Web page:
On Mondays, the first and slowest day of the Union Square Greenmarket week, the selection of seafood at the Karlin family’s stand is always smaller than it is on Saturday, the busiest Greenmarket day of the week, and as it was, yesterday I arrived later than usual. Jan and Karl [Carl?] both told me they had brought even less of a catch than they usually do, because of the heavy weather (we call it a nor’easter in New England, and far eastern Long Island is basically more New England than it is New York). Consequently, by the time I arrived at the fish stand fairly late on Monday and because I cook fish 3 or 4 days of the week, there was almost nothing in the buckets that I hadn’t cooked quite recently.
But there was a good supply of whiting (whole, but they had lost their heads somewhere since leaving the sea). I rarely cook whole fish, mostly because I think of it as a bit of a fuss – or maybe I should say, ‘stressful’ – both to prepare and to eat, and, looking back on this site, it seems that I’ve only cooked whole whiting twice before.
Their relative novelty, and the fact that, when I asked for help deciding, both mongers pointed to the bucket holding what I have since learned are, technically, Merlucciidae, of the larger family Gadidae, together pushed me over the top. I usually do go with the recommendations given by the people selling their own comestibles.
There was also some significant economy in buying whole fish over fillets, and this species is already seriously underpriced, especially relative to its many virtues. While the difference of a few dollars, especially when you’re only buying for 2 people, isn’t really enough to outweigh other considerations, I went with the whiting.
I bought a larger amount, by weight, than I usually do: It set me back all of $4.90 for one and a quarter pounds of very fresh, cleaned (although I cut off most of the remaining fins) beautifully whole, (but without heads) fish, and they were easily filleted on the plates.
The vegetable was somewhat more expensive than the whiting, but every bit as delicious.
The recipe? While I was still at the market I hadn’t remembered cooking it before, so I looked on line, to at least reassure myself that I could do it without much fuss, more than as an actual guide, but I ended up actually using the first recipe that came up on my phone screen. It surely helped that I had all of the spices, whole, except for the cayenne, in my kitchen cabinet.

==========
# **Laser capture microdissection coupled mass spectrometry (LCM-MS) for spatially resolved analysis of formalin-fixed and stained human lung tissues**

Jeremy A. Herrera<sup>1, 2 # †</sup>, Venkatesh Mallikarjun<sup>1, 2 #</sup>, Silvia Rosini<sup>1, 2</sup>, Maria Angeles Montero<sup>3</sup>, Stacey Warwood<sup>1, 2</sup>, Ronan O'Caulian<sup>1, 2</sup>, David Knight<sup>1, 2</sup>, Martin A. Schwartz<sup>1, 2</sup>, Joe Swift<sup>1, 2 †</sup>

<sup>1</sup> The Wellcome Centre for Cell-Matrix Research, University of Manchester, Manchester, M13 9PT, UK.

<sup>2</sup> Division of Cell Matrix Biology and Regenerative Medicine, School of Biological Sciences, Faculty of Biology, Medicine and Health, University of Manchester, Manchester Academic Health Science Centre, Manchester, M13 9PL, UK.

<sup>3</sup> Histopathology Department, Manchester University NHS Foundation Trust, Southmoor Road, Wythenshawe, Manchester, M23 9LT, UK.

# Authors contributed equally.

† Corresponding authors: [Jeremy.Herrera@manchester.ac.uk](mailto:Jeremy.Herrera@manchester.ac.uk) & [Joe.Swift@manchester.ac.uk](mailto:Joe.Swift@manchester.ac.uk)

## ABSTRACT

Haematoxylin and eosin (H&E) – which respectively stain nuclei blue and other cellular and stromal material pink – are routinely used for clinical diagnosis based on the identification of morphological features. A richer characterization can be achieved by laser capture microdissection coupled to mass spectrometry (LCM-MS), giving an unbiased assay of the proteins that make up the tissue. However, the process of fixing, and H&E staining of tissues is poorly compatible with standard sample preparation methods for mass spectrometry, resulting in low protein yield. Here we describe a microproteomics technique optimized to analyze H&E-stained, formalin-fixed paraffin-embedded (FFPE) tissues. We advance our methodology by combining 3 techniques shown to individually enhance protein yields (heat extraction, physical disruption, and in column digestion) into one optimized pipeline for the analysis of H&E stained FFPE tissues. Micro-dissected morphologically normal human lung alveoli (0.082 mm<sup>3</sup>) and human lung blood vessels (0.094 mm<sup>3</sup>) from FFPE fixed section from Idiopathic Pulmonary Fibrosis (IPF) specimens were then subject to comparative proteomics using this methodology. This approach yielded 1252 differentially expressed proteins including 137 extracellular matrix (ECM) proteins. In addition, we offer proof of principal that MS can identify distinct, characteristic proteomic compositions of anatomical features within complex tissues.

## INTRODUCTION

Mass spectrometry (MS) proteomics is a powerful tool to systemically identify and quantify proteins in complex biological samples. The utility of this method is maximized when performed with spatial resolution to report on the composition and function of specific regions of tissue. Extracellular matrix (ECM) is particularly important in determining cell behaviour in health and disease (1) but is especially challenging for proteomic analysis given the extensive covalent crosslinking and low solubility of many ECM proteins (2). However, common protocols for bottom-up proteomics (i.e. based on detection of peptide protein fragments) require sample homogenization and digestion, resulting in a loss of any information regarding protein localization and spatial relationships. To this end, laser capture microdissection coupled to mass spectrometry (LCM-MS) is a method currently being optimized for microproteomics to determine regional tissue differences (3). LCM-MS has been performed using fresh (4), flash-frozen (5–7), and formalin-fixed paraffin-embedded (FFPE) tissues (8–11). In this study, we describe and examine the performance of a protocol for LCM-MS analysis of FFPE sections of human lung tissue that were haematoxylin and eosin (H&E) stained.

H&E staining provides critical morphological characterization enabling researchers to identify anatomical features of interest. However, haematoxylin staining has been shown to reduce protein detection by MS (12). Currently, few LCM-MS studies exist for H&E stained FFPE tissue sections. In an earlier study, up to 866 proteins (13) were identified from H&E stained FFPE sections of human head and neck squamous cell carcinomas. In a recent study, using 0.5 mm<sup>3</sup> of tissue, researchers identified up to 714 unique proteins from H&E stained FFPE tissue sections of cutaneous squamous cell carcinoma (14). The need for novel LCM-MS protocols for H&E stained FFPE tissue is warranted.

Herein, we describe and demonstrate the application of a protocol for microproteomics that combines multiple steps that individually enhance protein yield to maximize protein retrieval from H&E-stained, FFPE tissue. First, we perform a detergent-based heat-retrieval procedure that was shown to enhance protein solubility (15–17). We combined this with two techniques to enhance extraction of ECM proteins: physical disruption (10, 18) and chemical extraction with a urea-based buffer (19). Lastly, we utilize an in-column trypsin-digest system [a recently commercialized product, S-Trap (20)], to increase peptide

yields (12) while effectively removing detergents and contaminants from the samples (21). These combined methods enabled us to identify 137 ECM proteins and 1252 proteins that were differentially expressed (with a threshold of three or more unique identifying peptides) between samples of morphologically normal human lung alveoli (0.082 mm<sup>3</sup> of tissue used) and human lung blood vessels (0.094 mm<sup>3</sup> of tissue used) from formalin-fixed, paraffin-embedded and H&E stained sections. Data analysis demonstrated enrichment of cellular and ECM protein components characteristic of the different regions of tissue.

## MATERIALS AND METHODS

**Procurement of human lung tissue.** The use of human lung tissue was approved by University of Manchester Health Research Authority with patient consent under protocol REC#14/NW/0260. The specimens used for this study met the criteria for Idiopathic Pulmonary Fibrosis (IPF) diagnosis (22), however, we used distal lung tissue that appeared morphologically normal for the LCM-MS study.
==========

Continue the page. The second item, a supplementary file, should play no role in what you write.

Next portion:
I’ll probably be repeating this recipe in some form with other meals, and other fish, especially hake or cod, although I should try to remember that, for more af a Moroccan effect, the fish can be prepped with the spice rub, as with a marinade, and then refrigerated for up to a day (placed in a colander set in a deep bowl and covered tightly, left in the refrigerator until ready to cook).
- six fresh whiting (18 ounces altogether), from P.E. & D. D. Seafood, heads removed, stomach cavities cleaned, and fins cut off as best as possible, washed and drained, sprinkled about 1 teaspoon, or a little more, of Moroccan Fish Spice* and a little bit of salt, coated lightly with about a fourth of a cup of Union Square Greenmarket-purchased whole wheat flour from The Blew family of Oak Grove Plantation in Pittstown, N.J., set aside in a single layer on a large plate or platter, while about a third of a cup of olive oil was poured into a large enameled cast iron pan, fully coating the bottom, and heated for two or three minutes over medium heat, the fish placed inside the pan without crowding and fried, turning only once, until light to medium golden on both sides, adding a little more oil if needed (these 3-ounce whiting took 7 to 8 minutes on each side), transferred to a plate lined with paper towels to drain, then arranged on the plates and served with lemon eighths
*Moroccan Fish Spice (amounts produce 3 teaspoons of spice) 1/2 teaspoon ground cumin 1/2 teaspoon ground ginger 1/2 teaspoon salt 1/2 teaspoon black pepper 1/4 teaspoon ground cinnamon 1/4 teaspoon ground coriander 1/4 teaspoon cayenne 1/4 teaspoon ground allspice
- seven small Turkish eggplants from Norwich Meadows Farm, each cut horizontally into 3 slices, mixed with a little olive oil, one large chopped Rocambole garlic clove from Keith’s Farm, sea salt, and freshly-ground black pepper, pan-grilled on an enameled cast iron ribbed pan over a brisk flame, turning once or twice, one thin chopped scallion from Keith’s Farm and 8 pitted and halved Kalamata olives added near the end (or both heated gently inside a small pan and mixed with the eggplant after it had been grilled), tossed in a bowl with some torn peppermint leaves from Keith’s Farm, arranged on the plates, drizzled with a bit of olive oil, garnished with more mint
- the wine was a California (Russian River Valley) white, DRG Daryl Groom Russian River Valley Chardonnay 2017, from Naked Wines
- because we needed a little ‘Das himmlische Leben‘ yesterday, the music was Mahler’s Symphonie No 4, Philippe Herreweghe conducting the Champs-elysees Orchestra